Understanding Fibroid Pain and Other Symptoms, Causes, and Relief

Understanding Fibroid Pain and Other Symptoms, Causes, and Relief

If you’re suffering from uterine fibroids, read on for information about fibroid pain and other symptoms, causes, and most importantly, fibroid pain relief.

Fibroid Pain and Other Symptoms

Many women who have fibroids don’t feel any symptoms or have only mild symptoms. However, there are others who experience severe, disruptive fibroid pain and other symptoms. The signs and symptoms of uterine fibroids may include: (i, ii)uterine fibroid pain symptoms

  • Heavy or prolonged menstrual periods
  • Abnormal bleeding between menstrual periods
  • Pelvic pain (caused as the tumor presses on pelvic organs)
  • Frequent urination
  • A firm mass, often located near the middle of the pelvis
  • Feeling of fullness in the pelvic area (lower stomach area)
  • Enlargement of the lower abdomen
  • Pain during sex
  • Lower back pain
  • Complications during pregnancy and labor, including a six-time greater risk of cesarean section
  • Reproductive problems, such as infertility (very rare)

In some cases, heavy or prolonged menstrual periods or irregular bleeding between periods can lead to iron-deficiency anemia, which may require treatment. (ii)

Possible Fibroid Causes

While the causes of uterine fibroids aren’t clear, researchers think that more than one factor could play a role. The main factors include: (i)

  • Hormones (particularly estrogen and progesterone levels)
  • Genetics (family history)

Experts agree that fibroids are under the control of both estrogen and progesterone. (i) In fact, they grow quickly when a woman is pregnant and hormone levels are high and then shrink when anti-hormone medications are taken. (i) They also shrink or stop growing when a woman reaches menopause. (i)

Treatment for Fibroid Pain Relief

If you are among the women who experience painful symptoms, fibroid pain relief is possible. There are several treatments that can help, so talk with your doctor about the best way to treat your specific type of fibroids. She or he will discuss several aspects of your health and goals before helping you choose a treatment. Some of these considerations include: (i, ii)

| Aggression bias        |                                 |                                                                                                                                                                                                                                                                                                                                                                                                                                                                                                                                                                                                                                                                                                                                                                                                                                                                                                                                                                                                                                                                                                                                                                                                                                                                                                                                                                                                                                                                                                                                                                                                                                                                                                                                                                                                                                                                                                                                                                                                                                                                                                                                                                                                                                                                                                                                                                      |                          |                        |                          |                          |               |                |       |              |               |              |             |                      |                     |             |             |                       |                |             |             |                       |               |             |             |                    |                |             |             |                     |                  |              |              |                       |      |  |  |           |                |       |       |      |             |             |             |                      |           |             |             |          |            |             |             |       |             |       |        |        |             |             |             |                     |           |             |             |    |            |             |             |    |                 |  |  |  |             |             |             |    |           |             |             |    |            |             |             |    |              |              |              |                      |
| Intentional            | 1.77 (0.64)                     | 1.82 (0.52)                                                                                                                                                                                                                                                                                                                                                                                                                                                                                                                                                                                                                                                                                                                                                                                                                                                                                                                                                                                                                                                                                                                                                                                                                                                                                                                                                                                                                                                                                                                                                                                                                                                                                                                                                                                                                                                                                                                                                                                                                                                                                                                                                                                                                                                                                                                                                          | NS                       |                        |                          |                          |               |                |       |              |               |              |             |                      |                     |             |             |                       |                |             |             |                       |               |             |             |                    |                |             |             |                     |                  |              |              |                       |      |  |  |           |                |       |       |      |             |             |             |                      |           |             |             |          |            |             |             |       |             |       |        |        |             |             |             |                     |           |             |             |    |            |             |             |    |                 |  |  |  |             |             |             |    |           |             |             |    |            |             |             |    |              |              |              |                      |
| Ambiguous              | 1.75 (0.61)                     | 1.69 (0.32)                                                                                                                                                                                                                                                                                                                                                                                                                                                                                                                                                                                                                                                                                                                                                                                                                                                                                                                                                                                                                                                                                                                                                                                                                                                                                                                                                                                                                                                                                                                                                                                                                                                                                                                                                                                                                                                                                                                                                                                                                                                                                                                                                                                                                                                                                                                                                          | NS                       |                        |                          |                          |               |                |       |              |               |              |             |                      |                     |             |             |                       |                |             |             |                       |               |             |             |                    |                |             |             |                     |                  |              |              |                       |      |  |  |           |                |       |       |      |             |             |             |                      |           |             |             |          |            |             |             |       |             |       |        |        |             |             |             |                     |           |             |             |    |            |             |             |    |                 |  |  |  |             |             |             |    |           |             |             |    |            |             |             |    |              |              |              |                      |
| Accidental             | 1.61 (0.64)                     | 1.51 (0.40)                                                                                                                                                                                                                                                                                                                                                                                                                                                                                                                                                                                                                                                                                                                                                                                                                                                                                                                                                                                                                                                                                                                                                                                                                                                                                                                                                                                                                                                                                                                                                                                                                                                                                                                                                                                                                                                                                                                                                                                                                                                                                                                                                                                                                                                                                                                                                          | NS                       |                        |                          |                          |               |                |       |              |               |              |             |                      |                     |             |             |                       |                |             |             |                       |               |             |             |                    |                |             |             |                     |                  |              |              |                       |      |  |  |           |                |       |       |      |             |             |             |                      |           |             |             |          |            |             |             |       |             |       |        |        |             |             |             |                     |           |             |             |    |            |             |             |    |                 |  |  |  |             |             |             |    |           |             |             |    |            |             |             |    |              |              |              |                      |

• Your overall health and medical history
  • If you want to become pregnant in the future
  • The size of the fibroids
  • The location of the fibroids
  • Your age and how close to menopause you are
  • Your tolerance for certain medications, procedures, or therapies
  • Your personal preferences

In general, treatment for fibroid pain may include medication or removal surgery, including hysterectomy, which would surgically remove your entire uterus. However, there are other, less-drastic outpatient procedures that can help treat uterine fibroids without actually removing them through surgery.

One such procedure is uterine fibroid embolization (UFE), also called uterine artery embolization. During this popular procedure, a thin tube is used to inject small particles into the arteries that supply blood to the uterus. These tiny particles cut off blood flow to your fibroids, causing them to shrink and die. This technique is very effective for shrinking fibroids and providing fibroid pain relief.Uterine Fibroid Embolization Procedure Illustration

Uterine fibroid embolization is a minimally invasive procedure that doesn’t require a large abdominal incision, which can be painful and can require extended recovery time. The best candidates for UFE are women who: (i)

  • Don’t want to have a hysterectomy
  • Have fibroids that are causing heavy bleeding
  • Have fibroid pain
  • Have fibroids that are putting pressure on the bladder or rectum

Learn more about this safe, effective outpatient treatment for uterine fibroid pain management. Download our free information sheet, Understanding Uterine Fibroid Embolization, or call 844-UFE-CARE (833-2273) to schedule an appointment with a vascular specialist.

i Office on Women’s Health. (2018, March 16). _Uterine fibroids._Retrieved June 18, 2018, from https://www.womenshealth.gov/a-z-topics/uterine-fibroids
ii UCLA Health. (n.d.). _Fibroids._Retrieved June 18, 2018, from http://obgyn.ucla.edu/fibroids